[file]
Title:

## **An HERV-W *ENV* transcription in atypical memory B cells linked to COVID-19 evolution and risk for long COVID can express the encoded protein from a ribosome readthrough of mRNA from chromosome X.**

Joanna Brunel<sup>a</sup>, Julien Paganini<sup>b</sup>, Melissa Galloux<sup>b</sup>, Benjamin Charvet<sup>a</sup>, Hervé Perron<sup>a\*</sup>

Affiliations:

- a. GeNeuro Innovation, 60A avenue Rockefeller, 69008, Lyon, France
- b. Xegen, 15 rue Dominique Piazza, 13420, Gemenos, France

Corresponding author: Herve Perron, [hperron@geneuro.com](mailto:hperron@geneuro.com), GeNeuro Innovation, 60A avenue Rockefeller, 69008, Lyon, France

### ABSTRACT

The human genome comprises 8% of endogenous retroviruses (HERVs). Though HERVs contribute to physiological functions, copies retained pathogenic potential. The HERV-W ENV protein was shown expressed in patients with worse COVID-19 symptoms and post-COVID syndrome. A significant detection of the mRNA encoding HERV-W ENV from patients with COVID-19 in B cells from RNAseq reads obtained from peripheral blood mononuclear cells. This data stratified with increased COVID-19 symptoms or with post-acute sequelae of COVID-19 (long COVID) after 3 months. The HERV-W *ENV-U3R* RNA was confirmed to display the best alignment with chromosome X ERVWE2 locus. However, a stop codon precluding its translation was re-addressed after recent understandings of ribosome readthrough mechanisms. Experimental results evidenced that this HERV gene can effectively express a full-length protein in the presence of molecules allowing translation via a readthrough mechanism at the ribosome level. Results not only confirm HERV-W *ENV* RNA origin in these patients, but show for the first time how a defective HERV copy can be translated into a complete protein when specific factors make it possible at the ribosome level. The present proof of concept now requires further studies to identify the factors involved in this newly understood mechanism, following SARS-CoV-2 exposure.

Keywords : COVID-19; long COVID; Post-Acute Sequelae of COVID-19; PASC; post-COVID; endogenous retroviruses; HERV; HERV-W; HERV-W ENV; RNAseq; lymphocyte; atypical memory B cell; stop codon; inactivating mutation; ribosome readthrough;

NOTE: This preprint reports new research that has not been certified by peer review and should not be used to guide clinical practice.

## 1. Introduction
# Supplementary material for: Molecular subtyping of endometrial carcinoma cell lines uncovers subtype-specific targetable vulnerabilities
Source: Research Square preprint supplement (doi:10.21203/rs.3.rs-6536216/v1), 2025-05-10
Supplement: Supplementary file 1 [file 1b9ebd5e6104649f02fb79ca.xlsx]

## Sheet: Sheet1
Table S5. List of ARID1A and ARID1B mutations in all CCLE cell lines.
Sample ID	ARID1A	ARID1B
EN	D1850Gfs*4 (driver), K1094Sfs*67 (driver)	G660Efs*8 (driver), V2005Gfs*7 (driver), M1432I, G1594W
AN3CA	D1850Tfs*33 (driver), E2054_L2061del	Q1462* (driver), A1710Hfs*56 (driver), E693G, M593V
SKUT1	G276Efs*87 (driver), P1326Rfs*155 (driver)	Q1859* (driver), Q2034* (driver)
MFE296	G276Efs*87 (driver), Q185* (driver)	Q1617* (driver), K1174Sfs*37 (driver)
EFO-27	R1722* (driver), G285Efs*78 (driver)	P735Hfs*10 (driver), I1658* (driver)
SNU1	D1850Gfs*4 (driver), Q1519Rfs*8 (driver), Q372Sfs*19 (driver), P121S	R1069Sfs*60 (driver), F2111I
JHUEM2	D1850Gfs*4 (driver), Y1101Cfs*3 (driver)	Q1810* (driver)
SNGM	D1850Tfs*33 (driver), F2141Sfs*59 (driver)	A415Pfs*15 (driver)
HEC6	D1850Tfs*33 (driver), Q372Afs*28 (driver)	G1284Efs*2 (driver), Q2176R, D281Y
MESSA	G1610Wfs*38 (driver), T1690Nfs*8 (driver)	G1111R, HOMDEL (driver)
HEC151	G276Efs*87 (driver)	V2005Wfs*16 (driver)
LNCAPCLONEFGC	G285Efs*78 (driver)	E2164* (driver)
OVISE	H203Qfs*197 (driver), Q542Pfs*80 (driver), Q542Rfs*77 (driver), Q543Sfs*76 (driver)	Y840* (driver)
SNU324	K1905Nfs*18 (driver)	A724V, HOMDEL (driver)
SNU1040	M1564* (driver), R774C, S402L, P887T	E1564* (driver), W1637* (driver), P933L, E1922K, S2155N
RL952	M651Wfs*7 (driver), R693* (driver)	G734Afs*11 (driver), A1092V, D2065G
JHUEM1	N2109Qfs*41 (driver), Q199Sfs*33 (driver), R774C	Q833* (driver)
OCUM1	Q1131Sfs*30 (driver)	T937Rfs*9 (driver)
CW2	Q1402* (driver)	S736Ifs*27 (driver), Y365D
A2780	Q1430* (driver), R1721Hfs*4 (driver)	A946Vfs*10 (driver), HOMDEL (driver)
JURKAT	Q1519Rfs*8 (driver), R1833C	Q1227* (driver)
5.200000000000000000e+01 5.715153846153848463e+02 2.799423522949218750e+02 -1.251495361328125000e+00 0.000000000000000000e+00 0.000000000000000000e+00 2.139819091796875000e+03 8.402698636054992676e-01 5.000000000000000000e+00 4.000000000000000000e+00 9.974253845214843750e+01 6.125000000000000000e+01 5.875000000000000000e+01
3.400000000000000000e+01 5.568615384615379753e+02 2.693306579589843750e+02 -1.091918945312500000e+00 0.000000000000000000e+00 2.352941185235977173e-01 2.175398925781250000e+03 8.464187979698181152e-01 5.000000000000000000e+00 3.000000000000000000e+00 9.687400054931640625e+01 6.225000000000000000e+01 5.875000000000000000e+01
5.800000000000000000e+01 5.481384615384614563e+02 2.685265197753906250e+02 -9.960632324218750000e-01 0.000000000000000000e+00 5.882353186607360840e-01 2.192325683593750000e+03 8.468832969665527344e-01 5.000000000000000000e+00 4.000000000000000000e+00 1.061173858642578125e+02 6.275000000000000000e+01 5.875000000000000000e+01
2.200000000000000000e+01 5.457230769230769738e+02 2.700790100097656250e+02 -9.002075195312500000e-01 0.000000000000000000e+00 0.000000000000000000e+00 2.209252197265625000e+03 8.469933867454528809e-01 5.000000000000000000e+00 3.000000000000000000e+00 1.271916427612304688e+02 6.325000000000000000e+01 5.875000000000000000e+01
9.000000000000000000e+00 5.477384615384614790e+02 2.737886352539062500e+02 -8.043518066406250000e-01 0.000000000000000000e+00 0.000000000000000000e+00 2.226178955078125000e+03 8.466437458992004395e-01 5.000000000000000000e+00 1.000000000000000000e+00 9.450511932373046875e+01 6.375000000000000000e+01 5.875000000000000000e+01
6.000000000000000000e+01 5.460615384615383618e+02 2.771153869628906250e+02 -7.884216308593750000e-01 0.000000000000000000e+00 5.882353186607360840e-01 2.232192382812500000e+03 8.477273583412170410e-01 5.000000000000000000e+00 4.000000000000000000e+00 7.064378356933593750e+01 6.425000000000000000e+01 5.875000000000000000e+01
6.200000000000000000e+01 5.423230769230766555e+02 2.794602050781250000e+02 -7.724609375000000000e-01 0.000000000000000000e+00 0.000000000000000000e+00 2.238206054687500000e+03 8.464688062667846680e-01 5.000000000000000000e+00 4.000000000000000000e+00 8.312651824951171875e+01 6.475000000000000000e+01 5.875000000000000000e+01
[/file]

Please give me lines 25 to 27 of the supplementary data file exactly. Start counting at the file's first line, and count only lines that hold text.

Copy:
JHUEM2	D1850Gfs*4 (driver), Y1101Cfs*3 (driver)	Q1810* (driver)
SNGM	D1850Tfs*33 (driver), F2141Sfs*59 (driver)	A415Pfs*15 (driver)
HEC6	D1850Tfs*33 (driver), Q372Afs*28 (driver)	G1284Efs*2 (driver), Q2176R, D281Y